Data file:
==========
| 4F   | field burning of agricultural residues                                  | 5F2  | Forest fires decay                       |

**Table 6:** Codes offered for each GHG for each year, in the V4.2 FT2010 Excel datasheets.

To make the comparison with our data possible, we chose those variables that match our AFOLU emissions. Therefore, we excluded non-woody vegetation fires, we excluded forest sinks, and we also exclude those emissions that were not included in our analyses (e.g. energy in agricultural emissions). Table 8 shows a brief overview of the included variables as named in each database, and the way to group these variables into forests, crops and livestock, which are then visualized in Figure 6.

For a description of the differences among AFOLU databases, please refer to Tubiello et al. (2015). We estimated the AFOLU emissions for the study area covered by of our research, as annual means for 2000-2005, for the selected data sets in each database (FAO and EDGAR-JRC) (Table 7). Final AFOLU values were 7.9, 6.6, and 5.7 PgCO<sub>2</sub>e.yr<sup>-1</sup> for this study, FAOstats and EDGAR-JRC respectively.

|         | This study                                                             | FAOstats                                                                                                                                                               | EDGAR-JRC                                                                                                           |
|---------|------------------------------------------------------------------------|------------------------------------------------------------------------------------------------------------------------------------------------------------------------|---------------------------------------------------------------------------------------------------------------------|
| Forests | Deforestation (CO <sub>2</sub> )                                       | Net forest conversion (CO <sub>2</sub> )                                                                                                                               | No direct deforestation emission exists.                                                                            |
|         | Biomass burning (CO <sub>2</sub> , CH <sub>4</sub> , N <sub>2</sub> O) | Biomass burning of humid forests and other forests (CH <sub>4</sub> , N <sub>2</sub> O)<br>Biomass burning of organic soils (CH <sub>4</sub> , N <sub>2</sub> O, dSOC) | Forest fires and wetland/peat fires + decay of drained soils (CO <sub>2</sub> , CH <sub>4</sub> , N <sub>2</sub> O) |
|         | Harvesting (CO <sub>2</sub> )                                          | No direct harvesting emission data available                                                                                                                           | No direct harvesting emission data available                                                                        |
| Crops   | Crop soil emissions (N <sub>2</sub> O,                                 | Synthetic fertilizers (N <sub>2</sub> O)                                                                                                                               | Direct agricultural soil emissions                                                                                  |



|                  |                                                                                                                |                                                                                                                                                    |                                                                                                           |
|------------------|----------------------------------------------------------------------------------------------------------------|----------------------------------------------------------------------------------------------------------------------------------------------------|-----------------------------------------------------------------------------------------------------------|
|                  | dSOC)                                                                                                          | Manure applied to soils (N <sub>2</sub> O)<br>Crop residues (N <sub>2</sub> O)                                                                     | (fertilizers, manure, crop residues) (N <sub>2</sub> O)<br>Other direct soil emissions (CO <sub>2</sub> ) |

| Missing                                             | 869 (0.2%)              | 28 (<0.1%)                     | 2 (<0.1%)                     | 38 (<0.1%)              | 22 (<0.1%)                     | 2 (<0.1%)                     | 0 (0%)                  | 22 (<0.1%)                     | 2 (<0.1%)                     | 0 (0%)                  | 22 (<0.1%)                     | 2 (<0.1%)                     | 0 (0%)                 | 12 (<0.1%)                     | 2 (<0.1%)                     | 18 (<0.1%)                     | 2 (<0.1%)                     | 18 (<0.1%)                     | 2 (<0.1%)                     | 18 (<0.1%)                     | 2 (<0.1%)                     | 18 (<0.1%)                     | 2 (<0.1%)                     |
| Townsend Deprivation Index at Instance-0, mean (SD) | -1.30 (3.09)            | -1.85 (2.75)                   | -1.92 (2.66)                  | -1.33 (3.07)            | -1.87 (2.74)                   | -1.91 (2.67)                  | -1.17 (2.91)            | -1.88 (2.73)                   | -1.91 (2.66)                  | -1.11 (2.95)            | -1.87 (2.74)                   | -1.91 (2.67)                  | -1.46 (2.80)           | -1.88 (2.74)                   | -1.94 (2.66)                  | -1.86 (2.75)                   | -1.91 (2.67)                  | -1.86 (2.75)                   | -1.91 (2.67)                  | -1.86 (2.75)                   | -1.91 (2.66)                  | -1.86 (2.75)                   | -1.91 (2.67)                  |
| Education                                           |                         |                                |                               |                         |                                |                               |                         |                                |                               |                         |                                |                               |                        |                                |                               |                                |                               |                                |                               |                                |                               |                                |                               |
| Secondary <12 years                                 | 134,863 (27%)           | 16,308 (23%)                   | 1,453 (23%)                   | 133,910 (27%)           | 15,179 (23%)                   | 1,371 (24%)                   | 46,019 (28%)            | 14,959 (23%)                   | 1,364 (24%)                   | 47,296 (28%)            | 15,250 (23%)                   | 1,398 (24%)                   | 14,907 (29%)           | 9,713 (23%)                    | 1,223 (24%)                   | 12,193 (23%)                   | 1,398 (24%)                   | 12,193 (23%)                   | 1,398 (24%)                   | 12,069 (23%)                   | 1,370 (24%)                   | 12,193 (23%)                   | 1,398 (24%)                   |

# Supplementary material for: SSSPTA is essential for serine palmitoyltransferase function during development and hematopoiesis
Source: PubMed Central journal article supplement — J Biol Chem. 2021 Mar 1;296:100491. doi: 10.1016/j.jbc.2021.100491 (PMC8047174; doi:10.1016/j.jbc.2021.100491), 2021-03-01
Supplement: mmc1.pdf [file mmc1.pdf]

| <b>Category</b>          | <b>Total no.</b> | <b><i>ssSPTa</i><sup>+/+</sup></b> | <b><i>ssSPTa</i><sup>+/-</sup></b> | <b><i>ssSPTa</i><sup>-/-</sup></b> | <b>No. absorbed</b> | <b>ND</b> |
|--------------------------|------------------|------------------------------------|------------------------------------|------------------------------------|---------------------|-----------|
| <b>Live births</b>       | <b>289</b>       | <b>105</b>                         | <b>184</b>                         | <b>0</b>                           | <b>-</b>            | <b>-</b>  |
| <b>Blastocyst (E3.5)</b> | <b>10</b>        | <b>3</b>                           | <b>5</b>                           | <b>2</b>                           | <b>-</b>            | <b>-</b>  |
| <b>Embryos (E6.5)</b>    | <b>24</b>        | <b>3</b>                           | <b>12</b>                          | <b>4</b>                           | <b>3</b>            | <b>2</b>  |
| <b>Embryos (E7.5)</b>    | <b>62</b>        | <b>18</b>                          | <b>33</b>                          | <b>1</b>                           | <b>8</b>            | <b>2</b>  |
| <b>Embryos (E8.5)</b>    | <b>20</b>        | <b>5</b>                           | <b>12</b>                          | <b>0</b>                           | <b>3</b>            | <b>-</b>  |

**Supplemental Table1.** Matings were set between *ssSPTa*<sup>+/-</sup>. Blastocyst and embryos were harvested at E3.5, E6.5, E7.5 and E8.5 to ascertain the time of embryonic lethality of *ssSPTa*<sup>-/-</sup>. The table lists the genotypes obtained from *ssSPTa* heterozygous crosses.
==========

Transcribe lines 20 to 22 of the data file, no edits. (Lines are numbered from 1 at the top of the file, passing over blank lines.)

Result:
Supplement: mmc1.pdf [file mmc1.pdf]

| <b>Category</b>          | <b>Total no.</b> | <b><i>ssSPTa</i><sup>+/+</sup></b> | <b><i>ssSPTa</i><sup>+/-</sup></b> | <b><i>ssSPTa</i><sup>-/-</sup></b> | <b>No. absorbed</b> | <b>ND</b> |
|--------------------------|------------------|------------------------------------|------------------------------------|------------------------------------|---------------------|-----------|